1. *finish book at a sprint* Oh lordy, that last scene is trite. *rip out and replace last scene* Much better. (Okay, it was actually several large chunks like that, but I’m not kidding about trite.)

  4. It isn’t editing that’s horrible. It’s the discovery that gremlins got at your novel while it was sitting on the backburner, and eliminated your wonderful plot, your delightful characters, and your marvelous setting.

    That is, when you read what you wrote instead of what you imagined.

    1. ^^^ THIS ^^^

      I have an absolute policy of two weeks (more really, given my tendency to overload schedules) before I go into editing mode on something. Occasionally that lets me recover the scene as it was when it was rattling around in my head (sometimes, not always, sigh).

  5. Honestly, I like to leave it alone, for a while. Months, if I have the time. And then come at it when I have been able to distance myself from the whole thing.

    1. Yes, that’s what I like to do. Time lends perspective: “You know, on second thought, flamethrower-wielding cats are probably a little over the top.” Of course, I don’t always have that luxury.

  6. Not to be too picky, because editing/rewriting is a huge and important thing and I actually think most of this article is spot on, but NaNoEdMo (National Novel Editing Month) is in fact a thing. It’s March, not December, for several reasons.

    First, because they recognize both that people who finished 50,000 words, the NaNoWriMo ‘winner’ condition, may not in fact have finished their whole manuscript, and it gives people time to do that. (I believe I finished my first NaNoWriMo novel in February, even though I finished 50k words in November with days to spare.)

    Second, because most people also need a break after finishing the novel to recover, especially as the pace NaNoWriMo sets is pretty gruelling. Having the creative energy to forge on is a good thing, and a lot of people find that after they’ve finished a manuscript, they have a number of outright blank days, with no writing energy left.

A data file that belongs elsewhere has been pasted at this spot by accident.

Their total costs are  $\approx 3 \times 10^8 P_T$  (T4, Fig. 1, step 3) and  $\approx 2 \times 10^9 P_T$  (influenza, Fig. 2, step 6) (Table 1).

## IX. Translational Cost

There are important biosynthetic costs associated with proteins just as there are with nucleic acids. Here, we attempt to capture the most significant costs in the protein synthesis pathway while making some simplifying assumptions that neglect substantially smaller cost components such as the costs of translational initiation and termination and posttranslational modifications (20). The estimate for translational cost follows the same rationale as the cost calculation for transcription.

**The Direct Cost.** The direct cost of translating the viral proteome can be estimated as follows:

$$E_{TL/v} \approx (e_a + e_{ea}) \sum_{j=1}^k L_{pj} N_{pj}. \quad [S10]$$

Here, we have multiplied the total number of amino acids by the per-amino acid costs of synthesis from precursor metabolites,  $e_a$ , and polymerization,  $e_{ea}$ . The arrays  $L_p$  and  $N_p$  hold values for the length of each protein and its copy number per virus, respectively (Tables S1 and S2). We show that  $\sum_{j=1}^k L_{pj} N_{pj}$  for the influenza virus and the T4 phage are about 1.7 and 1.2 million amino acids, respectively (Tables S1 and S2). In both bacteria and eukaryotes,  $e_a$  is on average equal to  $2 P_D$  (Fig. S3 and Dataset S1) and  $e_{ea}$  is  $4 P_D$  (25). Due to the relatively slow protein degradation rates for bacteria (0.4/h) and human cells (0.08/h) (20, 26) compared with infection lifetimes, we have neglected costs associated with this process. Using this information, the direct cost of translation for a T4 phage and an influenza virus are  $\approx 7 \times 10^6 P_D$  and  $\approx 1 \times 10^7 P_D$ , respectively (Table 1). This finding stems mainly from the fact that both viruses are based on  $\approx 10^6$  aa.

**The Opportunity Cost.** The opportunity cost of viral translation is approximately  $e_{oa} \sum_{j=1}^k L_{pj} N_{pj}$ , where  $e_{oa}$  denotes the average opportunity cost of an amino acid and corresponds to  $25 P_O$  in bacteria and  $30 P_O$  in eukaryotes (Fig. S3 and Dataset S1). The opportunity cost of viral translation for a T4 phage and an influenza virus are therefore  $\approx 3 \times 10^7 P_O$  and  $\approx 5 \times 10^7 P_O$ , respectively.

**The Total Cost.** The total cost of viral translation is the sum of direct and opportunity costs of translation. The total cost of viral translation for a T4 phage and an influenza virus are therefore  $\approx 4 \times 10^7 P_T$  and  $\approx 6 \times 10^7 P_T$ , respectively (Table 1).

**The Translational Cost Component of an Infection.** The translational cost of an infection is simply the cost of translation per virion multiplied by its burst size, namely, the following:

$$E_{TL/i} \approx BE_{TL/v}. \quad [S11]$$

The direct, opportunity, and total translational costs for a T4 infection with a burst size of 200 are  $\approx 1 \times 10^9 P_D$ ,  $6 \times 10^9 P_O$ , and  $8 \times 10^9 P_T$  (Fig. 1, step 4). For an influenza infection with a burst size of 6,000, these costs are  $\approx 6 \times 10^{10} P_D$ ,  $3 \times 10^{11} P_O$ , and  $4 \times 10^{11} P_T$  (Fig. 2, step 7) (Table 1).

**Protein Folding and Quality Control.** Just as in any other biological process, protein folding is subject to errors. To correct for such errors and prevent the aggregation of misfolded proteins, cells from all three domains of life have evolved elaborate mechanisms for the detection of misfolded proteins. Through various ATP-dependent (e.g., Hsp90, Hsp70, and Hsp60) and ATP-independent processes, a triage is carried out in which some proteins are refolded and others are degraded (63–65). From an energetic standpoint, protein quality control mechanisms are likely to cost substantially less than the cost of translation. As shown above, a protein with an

Third, because even after regaining the creative energy, people often need a break after finishing the novel to gain an objective perspective on what they wrote and edit effectively. (If a writer has recovered their creative energy, the time between is often used to start a different project entirely.)

      1. It’s admittedly a lot smaller (It’s a separate group from NaNoWriMo) But NaNoWriMo is a juggernaut, so it may be an unfair comparison. NaNoWriMo itself, though, also has a lot of “what’s next?” seminar and suggestions, including webinars about revision, forums on revision and proofing, practice pitch sessions, and finding critiquers – not necessarily in that order. I mostly ended up ignoring both that and NaNoEdMo in favour of local friends and critiquers, which I suspect (without proof) is also true of a lot of others who are more serious about publication as a goal than the average NaNo writer is.

        I agree, all the glory and romance they push seems to be in the first draft. Part of the reason I know those things exist is because I care enough about the final result to look and see what revision options I have.

  7. I’m something of an anomaly (or maybe just crazy) because I *like* editing my novels. I like it so much I find it hard to stop. I could tinker the damned things forever and have great fun doing it. This is why, though I’ve been published in SF now for 42 years, I only have two novels out.

    Must do something about this.